"Wait a minute," says Ariadne (Ellen Page), the newcomer in this daredevil dive into someone else's dreamscape. "Whose subconscious are we going into, exactly?" The line gets a sympathetic laugh from preview audiences watching Inception; they may share Ariadne's bafflement, along with the rush she feels in plunging into the glorious, perilous unknown.
Inception is writer-director Christopher Nolan's first movie since The Dark Knight, the second in his Batman series, a film that earned $533 million in North American theaters, $1 billion worldwide and carloads more on DVD. Perhaps as a reward, Warner Bros. did exactly what a studio should do: let a proven hitmaker spend $160 million on a project that's hard to cozy up to or even explain, a story about dreams our most intimate intellectual property and about how they may not be safe from theft. The film proposes that while you sleep, a team of Mission: Impossible types (led by Leonardo DiCaprio's Dom Cobb) can invade your mind and extract or insert information, then sell it to your worst enemy.
But how to sell Inception to the mass audiences it will need to attract to make a profit? With a stealthy marketing campaign, including mystifying trailers and a giant trompe l'oeil mural in midtown Manhattan in which a building's top left corner seemingly peels off to reveal the offices inside. The campaign mimicked Inception's plot: it planted a vague but attractive idea in the minds of moviegoers, leading many to say about the film, "I don't know what it is, but I have to see it."
But seeing Inception or seeing it twice, which we suggest does not answer all the riddles. This is a film more to admire than to cherish, one that aims to fascinate rather than to satisfy familiar impulses. It's a beautiful object, like a perpetually spinning top, not a living organism.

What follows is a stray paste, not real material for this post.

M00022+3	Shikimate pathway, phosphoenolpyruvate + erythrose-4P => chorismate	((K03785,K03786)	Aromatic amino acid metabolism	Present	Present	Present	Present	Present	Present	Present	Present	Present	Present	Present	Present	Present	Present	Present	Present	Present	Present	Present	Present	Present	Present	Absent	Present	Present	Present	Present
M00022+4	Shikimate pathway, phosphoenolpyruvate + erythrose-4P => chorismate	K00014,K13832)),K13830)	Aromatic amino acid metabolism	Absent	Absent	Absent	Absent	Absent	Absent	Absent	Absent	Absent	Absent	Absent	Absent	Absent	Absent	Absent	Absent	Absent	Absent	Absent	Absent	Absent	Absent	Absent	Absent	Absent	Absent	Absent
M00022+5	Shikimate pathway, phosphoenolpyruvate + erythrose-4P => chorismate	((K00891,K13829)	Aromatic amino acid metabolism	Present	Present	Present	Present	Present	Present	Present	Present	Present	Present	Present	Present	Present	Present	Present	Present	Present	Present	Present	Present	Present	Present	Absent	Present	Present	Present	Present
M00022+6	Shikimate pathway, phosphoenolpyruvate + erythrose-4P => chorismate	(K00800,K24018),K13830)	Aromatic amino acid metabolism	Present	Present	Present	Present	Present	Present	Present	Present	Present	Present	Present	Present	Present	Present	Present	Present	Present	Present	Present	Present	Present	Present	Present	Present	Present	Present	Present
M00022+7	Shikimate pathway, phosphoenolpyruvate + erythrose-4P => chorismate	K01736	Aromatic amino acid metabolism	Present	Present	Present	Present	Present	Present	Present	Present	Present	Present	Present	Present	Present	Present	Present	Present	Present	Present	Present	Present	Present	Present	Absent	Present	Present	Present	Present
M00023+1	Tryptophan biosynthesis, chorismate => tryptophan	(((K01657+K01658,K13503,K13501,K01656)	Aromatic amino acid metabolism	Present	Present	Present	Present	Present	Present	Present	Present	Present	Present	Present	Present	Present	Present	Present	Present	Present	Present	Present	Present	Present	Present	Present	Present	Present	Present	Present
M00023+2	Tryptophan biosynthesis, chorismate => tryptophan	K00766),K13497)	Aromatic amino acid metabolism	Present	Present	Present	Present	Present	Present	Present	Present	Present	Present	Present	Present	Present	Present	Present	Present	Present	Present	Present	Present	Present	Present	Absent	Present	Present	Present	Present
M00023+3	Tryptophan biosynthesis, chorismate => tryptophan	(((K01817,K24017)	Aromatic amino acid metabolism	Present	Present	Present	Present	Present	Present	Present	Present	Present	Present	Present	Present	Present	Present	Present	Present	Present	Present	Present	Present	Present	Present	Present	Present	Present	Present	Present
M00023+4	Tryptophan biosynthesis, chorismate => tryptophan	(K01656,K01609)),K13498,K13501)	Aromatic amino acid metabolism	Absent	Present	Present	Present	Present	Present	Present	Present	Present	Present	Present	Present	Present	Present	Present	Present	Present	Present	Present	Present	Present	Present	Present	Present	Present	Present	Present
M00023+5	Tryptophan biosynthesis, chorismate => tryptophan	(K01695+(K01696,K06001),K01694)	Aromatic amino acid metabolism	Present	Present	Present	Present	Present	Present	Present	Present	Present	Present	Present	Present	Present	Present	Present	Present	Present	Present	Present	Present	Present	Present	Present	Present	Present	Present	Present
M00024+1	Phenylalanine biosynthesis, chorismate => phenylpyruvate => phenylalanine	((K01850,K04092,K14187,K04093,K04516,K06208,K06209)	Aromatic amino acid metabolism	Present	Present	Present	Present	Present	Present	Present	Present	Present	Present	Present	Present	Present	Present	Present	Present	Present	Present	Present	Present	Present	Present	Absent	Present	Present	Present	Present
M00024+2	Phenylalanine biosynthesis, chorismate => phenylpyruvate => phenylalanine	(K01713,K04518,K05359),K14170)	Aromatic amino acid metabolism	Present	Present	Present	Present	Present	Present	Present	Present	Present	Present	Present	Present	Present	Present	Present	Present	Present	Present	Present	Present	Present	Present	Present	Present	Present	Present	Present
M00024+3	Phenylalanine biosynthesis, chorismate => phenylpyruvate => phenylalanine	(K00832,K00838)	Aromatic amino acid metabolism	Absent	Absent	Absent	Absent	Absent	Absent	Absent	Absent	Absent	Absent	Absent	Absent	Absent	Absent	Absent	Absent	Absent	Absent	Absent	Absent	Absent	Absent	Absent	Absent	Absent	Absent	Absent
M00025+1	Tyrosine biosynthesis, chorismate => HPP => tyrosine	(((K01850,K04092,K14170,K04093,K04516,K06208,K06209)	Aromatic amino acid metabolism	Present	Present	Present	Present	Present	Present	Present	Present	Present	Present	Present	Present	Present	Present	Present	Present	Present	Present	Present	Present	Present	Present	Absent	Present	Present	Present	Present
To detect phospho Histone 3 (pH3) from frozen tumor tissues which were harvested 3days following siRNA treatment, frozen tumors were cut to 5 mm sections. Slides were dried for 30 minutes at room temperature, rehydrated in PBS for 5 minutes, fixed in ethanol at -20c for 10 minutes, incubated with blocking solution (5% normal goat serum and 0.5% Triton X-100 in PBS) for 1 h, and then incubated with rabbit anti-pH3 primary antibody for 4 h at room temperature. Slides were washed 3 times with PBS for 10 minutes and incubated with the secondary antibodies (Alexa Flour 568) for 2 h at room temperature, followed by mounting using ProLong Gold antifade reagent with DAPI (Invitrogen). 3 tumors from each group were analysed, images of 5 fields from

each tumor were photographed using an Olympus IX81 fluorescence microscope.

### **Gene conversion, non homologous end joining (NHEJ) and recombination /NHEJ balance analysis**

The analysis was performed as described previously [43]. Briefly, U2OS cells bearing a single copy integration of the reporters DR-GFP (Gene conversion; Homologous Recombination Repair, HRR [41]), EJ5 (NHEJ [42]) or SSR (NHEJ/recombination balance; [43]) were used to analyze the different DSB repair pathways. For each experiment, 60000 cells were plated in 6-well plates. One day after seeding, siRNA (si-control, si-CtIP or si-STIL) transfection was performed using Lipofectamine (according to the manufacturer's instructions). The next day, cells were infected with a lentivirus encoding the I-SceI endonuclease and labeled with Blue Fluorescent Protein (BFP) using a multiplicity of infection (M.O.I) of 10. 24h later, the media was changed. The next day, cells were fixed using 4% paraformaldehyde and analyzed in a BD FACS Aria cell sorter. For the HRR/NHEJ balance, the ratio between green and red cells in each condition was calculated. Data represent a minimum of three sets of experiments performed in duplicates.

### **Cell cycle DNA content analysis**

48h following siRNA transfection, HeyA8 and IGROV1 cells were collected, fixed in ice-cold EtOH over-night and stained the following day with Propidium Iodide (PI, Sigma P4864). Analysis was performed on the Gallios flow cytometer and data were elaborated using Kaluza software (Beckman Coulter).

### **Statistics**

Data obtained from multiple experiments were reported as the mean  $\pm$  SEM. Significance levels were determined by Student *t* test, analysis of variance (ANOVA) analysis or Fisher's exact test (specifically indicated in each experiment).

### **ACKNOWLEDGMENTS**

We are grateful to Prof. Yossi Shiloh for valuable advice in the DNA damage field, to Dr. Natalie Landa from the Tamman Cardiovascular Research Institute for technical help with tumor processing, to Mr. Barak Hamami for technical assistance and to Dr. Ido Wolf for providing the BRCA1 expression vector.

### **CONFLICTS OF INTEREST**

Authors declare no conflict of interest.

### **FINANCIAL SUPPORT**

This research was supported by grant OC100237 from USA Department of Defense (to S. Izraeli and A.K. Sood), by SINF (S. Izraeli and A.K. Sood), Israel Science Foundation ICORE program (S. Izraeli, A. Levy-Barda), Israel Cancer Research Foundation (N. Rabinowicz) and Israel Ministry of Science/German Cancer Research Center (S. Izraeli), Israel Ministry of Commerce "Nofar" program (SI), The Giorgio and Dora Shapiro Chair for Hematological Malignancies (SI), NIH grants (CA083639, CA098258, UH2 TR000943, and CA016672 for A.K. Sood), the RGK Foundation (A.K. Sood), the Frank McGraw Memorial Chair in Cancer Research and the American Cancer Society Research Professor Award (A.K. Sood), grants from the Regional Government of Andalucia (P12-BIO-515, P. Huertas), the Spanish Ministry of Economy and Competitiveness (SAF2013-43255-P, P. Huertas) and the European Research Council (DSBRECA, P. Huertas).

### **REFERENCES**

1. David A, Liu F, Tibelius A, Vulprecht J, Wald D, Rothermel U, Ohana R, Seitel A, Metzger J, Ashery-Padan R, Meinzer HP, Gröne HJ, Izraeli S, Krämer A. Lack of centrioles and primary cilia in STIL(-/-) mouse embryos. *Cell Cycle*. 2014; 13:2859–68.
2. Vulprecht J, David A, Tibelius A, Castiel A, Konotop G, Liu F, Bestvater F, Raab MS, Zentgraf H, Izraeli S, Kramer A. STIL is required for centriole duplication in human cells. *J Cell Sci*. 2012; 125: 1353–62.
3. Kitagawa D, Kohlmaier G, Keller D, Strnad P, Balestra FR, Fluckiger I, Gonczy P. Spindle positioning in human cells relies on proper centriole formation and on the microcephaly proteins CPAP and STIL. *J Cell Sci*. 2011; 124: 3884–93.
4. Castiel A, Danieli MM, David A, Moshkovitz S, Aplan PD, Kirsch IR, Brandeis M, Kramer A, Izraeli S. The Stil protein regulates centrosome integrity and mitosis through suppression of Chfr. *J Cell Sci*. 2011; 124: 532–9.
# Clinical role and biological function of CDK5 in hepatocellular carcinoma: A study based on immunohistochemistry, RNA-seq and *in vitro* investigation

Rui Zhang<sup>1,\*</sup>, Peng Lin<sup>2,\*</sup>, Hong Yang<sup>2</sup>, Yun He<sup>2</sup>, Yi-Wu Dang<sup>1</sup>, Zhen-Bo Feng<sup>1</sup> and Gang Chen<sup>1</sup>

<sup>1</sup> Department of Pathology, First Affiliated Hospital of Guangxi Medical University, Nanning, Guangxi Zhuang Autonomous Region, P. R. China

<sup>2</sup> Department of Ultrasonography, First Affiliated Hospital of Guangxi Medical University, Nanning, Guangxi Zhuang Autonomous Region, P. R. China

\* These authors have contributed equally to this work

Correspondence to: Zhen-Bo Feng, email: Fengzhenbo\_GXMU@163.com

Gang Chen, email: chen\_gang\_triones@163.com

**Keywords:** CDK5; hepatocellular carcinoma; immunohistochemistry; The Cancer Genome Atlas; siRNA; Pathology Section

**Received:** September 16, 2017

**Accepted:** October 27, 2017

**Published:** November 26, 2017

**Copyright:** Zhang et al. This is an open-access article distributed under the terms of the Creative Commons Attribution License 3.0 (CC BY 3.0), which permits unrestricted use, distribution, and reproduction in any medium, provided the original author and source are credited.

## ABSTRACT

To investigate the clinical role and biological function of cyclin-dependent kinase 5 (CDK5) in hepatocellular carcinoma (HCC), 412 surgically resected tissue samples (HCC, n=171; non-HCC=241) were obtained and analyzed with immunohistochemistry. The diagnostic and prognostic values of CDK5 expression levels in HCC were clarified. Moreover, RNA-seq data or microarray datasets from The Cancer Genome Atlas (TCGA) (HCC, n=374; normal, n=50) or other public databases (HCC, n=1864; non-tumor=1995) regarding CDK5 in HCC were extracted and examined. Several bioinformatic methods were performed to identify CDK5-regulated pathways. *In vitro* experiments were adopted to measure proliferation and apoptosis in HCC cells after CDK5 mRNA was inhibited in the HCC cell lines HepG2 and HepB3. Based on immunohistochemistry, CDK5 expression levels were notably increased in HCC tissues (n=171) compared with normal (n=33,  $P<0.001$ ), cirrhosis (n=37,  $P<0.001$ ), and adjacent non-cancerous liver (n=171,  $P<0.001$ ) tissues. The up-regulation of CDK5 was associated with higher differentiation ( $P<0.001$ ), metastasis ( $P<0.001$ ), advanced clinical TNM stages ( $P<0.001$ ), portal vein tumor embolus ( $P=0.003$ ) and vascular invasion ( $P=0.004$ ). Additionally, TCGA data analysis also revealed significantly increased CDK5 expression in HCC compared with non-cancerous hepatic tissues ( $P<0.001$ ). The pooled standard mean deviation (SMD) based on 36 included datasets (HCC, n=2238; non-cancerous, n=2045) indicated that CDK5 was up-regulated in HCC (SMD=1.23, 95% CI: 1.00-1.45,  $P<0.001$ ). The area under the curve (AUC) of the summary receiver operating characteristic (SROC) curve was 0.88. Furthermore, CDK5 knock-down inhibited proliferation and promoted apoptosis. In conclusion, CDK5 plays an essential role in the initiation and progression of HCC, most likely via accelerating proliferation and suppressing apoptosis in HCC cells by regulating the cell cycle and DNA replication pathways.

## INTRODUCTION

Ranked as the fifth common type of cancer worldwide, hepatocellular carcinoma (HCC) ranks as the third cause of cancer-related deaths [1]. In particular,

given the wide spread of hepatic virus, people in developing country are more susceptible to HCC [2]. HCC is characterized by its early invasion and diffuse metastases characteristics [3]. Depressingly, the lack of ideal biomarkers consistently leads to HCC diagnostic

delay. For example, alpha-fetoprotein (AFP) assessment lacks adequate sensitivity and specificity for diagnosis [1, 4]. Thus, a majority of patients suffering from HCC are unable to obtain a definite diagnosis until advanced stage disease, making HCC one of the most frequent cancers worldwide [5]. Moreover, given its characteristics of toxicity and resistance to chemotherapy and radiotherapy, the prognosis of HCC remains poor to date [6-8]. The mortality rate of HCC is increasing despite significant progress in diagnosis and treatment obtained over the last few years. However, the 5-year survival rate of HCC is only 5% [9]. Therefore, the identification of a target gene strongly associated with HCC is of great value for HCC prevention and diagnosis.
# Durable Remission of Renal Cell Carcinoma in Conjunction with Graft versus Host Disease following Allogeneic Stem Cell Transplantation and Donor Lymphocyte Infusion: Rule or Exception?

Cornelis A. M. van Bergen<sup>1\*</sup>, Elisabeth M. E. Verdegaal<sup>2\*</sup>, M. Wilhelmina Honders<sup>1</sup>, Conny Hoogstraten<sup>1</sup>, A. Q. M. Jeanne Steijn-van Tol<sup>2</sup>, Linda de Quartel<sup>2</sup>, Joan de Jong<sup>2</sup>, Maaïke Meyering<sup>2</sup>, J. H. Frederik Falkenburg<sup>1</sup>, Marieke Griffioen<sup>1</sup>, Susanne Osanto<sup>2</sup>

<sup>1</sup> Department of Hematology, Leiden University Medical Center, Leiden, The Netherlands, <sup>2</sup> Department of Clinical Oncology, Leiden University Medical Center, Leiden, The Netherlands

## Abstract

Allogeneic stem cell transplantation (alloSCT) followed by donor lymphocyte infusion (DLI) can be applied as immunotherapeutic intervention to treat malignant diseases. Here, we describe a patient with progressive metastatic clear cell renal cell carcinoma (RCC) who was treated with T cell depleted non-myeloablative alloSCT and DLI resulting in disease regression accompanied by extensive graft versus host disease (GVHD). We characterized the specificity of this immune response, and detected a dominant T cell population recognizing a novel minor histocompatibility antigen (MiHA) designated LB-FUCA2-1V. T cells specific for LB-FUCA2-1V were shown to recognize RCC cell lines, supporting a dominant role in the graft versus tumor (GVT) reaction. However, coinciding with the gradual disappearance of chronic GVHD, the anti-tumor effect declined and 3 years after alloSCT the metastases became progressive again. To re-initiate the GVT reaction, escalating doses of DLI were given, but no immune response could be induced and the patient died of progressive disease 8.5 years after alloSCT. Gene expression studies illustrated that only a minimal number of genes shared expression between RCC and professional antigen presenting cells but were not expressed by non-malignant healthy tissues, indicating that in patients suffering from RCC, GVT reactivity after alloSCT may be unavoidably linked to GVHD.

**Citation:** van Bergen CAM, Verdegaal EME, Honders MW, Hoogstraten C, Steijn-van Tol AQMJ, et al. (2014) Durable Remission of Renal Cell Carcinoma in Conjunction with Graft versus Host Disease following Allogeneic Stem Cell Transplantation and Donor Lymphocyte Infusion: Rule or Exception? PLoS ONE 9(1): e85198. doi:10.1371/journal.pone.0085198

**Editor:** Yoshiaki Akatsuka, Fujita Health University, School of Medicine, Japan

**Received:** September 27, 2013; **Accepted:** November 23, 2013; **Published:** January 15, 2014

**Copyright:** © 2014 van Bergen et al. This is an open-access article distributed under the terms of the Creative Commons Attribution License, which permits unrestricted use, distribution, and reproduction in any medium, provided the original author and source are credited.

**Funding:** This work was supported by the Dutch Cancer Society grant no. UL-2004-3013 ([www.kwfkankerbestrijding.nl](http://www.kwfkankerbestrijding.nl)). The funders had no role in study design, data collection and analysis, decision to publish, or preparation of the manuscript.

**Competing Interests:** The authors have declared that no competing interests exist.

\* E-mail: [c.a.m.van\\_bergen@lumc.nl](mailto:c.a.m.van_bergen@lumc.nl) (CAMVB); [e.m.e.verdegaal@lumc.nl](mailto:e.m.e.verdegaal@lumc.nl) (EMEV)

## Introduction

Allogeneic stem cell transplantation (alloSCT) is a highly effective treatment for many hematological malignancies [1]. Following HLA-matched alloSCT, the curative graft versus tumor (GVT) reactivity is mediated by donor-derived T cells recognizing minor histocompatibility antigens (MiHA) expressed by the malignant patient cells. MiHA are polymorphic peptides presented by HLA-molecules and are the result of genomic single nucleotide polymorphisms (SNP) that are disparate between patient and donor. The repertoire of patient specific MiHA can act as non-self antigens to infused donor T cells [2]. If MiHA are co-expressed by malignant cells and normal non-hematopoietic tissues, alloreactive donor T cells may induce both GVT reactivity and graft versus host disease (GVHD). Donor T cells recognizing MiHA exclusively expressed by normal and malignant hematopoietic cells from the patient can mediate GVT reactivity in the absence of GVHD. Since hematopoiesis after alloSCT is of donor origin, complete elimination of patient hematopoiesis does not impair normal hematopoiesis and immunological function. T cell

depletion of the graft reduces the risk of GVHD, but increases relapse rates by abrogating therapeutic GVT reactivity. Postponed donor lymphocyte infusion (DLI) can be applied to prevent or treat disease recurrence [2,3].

Though the plot is really one giant hallucination, it's an experience that doesn't blow your mind so much as challenge it. Viewers will have to work to keep up with all the shifting perspectives and layers of deceit. Inception is like the coolest, toughest final exam or like the dream of one, in which you're suddenly in class and you realize you didn't prepare for the big test. This is a movie that you'll wish you had crammed for.
Or call Inception an elaborate video game, except that you don't play it; it plays you. The turning of those particular tables is Nolan's gift. In Memento he built a narrative machine that ran backward to the scene of a crime. The Prestige was about two master magicians trying to fool each other, with their lives on the line as their master, Nolan, stood behind the camera fooling the audience. He's a bit like the Joker in The Dark Knight, devising silly or malevolent but always intricate schemes to outfox his audience.
Inception is another confounding Chinese puzzle. The film has such a complicated premise that it needs to keep explaining the rules of its game. For this fantasy world has three levels of increasing power and danger: the dream, the dream-within-a-dream and the dream-within-a-dream-within-a-dream. (The DVD version could benefit from an onscreen number identifying each level.) There's also actual, waking reality, in which Cobb can be assaulted by a thug who tells him, "You're not in a dream now, are you?" All of which is to say that Inception is precisely the kind of brainy, ambitious, grand-scale adventure Hollywood should be making more of.
Cobb runs a dream team of mindbending espionage agents, true inside operators. Their method is to slip some powerful businessman a drug to transport him into his dreamworld except that it's their world, which they've devised to make so familiar that the subject will reveal what they want to steal. Ariadne, the new recruit, will be the "architect" of the fantasy. "You create the world of the dream," Cobb tells her. "You bring the subject into that dream, and they fill it with their secrets."